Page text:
As the game progresses, our protagonist eventually becomes endowed with a scarf that allows for limited flight. Fuel, in the game, is defined by the hieroglyphics present on that stretch of red cloth. As you fly around, the sigils will eventually dissipate, leaving you land-bound. Fortunately, it isn't difficult to have flight restored. Though uninhabitated by anything made of flesh, Journey is resplendent with an ecosystem of its own. Calling to the most basic and plentiful of these life forms -- tiny, restless scraps of cloth that live in swarms -- will cause them to float towards you, thereafter revitalizing our silent hero. More complex beings are also present within the natural world. I didn't get a chance to play too deeply thanks to time contraints but I had the opportunity to see strange, kite-like things that could pass for energetic puppies or dolphins in the sand.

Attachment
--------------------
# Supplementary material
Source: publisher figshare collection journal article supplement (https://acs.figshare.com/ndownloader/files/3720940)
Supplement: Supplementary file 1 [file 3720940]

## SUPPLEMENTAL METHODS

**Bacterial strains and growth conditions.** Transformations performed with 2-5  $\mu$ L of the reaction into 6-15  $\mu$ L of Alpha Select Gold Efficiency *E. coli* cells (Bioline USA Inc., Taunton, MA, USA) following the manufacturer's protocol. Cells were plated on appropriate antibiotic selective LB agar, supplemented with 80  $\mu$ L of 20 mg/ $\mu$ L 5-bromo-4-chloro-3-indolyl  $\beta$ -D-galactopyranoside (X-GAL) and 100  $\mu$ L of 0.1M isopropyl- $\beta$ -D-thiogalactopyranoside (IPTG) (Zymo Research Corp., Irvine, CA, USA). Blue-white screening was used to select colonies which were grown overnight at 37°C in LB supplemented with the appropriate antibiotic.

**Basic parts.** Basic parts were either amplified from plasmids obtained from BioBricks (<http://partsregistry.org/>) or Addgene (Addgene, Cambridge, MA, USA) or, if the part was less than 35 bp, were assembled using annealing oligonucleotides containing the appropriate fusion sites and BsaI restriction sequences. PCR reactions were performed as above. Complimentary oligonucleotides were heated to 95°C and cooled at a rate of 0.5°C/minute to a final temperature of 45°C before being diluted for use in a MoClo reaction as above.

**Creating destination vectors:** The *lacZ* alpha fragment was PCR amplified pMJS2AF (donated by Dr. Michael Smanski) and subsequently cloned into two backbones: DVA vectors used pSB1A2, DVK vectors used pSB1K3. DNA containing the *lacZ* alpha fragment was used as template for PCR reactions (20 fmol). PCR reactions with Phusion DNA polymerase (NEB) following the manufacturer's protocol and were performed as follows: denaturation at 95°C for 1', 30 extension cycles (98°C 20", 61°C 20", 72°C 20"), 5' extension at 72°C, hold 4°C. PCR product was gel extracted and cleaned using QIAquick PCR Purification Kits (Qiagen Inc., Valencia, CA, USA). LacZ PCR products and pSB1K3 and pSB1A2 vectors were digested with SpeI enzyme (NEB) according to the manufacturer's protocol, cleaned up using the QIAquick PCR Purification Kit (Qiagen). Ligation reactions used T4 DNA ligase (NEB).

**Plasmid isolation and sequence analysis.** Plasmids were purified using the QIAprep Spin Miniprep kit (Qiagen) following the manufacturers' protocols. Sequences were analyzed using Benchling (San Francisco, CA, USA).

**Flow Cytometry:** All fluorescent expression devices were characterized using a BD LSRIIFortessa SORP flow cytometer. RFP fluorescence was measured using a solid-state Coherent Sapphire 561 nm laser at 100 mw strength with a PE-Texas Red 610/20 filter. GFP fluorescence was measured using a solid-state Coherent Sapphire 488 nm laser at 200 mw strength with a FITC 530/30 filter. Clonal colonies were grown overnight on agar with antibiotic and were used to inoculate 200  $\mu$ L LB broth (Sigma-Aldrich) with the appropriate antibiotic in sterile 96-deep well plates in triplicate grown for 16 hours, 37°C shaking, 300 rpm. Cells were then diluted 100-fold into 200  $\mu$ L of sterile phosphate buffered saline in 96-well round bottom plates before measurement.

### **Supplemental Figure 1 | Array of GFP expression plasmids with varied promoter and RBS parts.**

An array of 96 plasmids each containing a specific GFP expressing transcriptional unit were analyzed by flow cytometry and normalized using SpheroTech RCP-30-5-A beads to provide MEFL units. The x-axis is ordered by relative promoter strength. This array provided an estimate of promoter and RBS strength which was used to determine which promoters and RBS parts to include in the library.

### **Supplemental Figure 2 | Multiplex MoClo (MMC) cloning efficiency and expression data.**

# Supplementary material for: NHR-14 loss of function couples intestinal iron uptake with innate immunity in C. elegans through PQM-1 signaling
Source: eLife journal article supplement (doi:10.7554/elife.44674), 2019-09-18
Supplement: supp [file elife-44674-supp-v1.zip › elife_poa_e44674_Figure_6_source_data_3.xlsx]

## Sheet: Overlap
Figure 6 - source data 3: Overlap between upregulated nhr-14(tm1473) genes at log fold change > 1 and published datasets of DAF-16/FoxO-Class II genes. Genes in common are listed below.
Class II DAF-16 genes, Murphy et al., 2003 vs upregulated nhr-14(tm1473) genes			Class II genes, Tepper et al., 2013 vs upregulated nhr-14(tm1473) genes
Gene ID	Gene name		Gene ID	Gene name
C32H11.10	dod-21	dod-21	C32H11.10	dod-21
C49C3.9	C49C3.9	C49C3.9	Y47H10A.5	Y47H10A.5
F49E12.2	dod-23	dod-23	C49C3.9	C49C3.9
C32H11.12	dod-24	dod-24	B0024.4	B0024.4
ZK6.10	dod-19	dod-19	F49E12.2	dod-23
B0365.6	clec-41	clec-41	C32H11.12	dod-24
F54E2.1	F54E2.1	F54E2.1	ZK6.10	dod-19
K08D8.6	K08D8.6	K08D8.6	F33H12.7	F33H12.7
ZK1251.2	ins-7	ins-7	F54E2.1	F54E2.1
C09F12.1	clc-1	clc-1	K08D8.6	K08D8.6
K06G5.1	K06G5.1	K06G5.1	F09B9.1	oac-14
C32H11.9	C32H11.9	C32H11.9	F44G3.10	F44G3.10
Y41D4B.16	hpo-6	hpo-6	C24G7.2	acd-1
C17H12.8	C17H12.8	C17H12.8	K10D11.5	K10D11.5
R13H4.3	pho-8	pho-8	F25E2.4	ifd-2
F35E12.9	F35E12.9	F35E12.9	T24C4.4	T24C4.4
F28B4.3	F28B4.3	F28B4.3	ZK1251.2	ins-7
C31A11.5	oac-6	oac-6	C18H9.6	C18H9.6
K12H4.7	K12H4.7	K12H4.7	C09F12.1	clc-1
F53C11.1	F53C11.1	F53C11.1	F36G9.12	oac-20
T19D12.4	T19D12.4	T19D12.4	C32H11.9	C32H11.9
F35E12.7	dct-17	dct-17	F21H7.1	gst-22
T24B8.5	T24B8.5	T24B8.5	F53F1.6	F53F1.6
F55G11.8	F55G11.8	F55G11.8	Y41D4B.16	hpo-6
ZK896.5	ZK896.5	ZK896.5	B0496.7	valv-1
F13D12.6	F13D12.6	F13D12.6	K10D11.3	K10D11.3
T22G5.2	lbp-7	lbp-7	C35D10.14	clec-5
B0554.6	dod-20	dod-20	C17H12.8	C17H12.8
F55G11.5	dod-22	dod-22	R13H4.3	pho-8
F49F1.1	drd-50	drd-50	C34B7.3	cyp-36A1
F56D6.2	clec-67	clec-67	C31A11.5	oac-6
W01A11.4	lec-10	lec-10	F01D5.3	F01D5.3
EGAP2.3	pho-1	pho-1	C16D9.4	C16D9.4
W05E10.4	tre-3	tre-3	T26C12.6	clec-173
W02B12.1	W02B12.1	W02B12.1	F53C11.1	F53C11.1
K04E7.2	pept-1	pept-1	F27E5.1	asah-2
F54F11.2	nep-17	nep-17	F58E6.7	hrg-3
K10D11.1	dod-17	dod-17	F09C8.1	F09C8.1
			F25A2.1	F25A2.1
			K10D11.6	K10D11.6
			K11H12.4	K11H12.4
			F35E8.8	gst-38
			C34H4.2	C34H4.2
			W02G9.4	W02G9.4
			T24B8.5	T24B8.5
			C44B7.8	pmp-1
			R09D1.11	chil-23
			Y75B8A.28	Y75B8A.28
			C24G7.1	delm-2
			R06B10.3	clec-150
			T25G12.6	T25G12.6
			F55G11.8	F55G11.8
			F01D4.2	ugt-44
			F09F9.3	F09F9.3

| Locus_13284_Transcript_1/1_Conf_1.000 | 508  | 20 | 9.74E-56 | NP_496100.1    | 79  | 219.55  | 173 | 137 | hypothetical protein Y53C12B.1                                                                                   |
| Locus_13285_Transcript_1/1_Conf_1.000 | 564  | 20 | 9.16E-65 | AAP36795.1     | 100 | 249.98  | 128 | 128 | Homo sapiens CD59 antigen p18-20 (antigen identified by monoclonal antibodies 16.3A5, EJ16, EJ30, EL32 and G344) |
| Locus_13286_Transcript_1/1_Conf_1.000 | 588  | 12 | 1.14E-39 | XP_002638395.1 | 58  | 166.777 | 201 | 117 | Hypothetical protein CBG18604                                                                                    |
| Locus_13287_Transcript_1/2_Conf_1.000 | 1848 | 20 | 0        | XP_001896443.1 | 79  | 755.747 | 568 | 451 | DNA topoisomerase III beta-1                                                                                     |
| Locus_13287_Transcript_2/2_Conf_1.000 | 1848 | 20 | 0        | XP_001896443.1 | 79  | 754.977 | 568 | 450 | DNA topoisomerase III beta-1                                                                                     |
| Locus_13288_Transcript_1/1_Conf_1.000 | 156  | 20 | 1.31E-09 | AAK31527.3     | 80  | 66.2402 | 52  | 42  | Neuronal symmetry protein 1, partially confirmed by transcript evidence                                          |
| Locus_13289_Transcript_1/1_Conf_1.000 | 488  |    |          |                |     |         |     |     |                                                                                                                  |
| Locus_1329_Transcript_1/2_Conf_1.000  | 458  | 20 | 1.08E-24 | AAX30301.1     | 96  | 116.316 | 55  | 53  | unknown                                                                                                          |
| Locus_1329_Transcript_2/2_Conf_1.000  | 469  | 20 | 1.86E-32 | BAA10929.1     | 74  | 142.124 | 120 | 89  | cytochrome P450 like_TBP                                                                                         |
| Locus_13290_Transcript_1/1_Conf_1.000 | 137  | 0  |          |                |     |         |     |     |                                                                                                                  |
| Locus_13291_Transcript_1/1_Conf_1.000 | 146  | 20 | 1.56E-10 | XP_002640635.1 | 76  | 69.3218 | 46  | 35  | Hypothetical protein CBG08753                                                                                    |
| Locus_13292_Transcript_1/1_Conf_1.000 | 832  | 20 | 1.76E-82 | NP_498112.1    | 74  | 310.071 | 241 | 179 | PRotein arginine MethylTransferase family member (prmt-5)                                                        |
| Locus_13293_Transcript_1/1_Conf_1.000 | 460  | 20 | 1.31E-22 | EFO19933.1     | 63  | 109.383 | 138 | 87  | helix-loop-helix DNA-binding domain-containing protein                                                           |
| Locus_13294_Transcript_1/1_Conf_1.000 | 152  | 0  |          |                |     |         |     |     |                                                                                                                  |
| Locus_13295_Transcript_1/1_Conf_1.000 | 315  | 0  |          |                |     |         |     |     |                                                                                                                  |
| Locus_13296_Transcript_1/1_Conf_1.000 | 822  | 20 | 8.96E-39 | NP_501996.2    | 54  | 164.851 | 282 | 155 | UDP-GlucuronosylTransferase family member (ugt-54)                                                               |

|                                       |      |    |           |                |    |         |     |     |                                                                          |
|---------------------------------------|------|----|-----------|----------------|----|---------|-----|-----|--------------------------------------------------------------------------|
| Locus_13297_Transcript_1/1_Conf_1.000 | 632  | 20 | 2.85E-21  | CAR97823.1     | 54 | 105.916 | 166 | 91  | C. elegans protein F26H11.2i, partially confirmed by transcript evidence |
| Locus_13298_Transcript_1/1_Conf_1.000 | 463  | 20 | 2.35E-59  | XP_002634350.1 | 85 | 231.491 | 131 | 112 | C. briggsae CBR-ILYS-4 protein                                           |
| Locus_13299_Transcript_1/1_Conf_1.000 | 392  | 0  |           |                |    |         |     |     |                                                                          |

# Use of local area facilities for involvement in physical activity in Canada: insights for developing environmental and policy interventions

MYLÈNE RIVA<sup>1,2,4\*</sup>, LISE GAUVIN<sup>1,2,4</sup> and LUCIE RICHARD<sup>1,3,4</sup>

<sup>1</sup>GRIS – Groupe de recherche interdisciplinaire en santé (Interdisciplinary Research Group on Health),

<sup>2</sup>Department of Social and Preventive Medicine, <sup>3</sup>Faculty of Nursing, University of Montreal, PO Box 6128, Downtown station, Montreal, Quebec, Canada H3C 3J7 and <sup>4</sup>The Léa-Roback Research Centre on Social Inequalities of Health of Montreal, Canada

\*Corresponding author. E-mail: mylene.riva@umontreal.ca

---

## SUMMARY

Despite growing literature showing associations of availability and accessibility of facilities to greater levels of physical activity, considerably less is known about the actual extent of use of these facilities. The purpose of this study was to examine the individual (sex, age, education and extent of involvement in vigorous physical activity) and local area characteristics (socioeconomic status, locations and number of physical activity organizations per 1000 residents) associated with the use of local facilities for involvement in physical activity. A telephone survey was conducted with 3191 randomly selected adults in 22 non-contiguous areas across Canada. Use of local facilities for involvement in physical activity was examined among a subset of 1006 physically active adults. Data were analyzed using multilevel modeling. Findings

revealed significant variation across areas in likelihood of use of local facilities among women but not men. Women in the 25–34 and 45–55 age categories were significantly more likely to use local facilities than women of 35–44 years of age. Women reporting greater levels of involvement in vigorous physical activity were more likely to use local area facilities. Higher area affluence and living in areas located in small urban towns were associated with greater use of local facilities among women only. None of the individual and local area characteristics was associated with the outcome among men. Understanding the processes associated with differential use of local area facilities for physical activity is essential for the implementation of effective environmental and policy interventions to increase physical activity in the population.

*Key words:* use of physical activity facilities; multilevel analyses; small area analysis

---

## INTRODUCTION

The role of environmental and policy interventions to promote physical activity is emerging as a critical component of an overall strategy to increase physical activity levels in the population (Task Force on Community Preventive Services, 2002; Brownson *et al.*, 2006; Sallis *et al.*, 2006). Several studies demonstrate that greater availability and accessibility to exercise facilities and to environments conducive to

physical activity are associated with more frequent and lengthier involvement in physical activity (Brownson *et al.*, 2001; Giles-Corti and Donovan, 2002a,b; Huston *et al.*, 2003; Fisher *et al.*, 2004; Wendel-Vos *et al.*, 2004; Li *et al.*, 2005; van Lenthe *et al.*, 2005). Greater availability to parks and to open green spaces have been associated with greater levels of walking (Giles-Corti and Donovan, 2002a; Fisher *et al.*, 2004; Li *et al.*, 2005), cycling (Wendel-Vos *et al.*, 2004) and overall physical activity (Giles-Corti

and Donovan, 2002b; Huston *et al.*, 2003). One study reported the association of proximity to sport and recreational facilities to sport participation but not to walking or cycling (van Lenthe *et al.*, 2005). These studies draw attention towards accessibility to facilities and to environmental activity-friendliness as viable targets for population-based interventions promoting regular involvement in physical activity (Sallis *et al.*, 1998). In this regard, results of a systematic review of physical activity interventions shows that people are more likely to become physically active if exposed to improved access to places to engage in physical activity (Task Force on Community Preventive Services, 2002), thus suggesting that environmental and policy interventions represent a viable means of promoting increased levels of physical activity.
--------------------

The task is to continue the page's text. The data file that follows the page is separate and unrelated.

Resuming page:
Communication in Journey is yet another interesting aspect of the game. By traditional standards, there isn't much of it. Press one button and the protagonist will sing a note. That's about the extent of it. There are no means to construct complex sentences, no multiple choices in a dialogue; the most we can do is affect the duration of the call by holding down the button. But as restrictive as this might sound, it really isn't. In some ways, it's almost liberating. Journey does not coerce you into a personality that is not your own. You're left to do as you will within the boundaries set by the game and that, of course, opens up a whole realm of possibilities with the multiplayer options.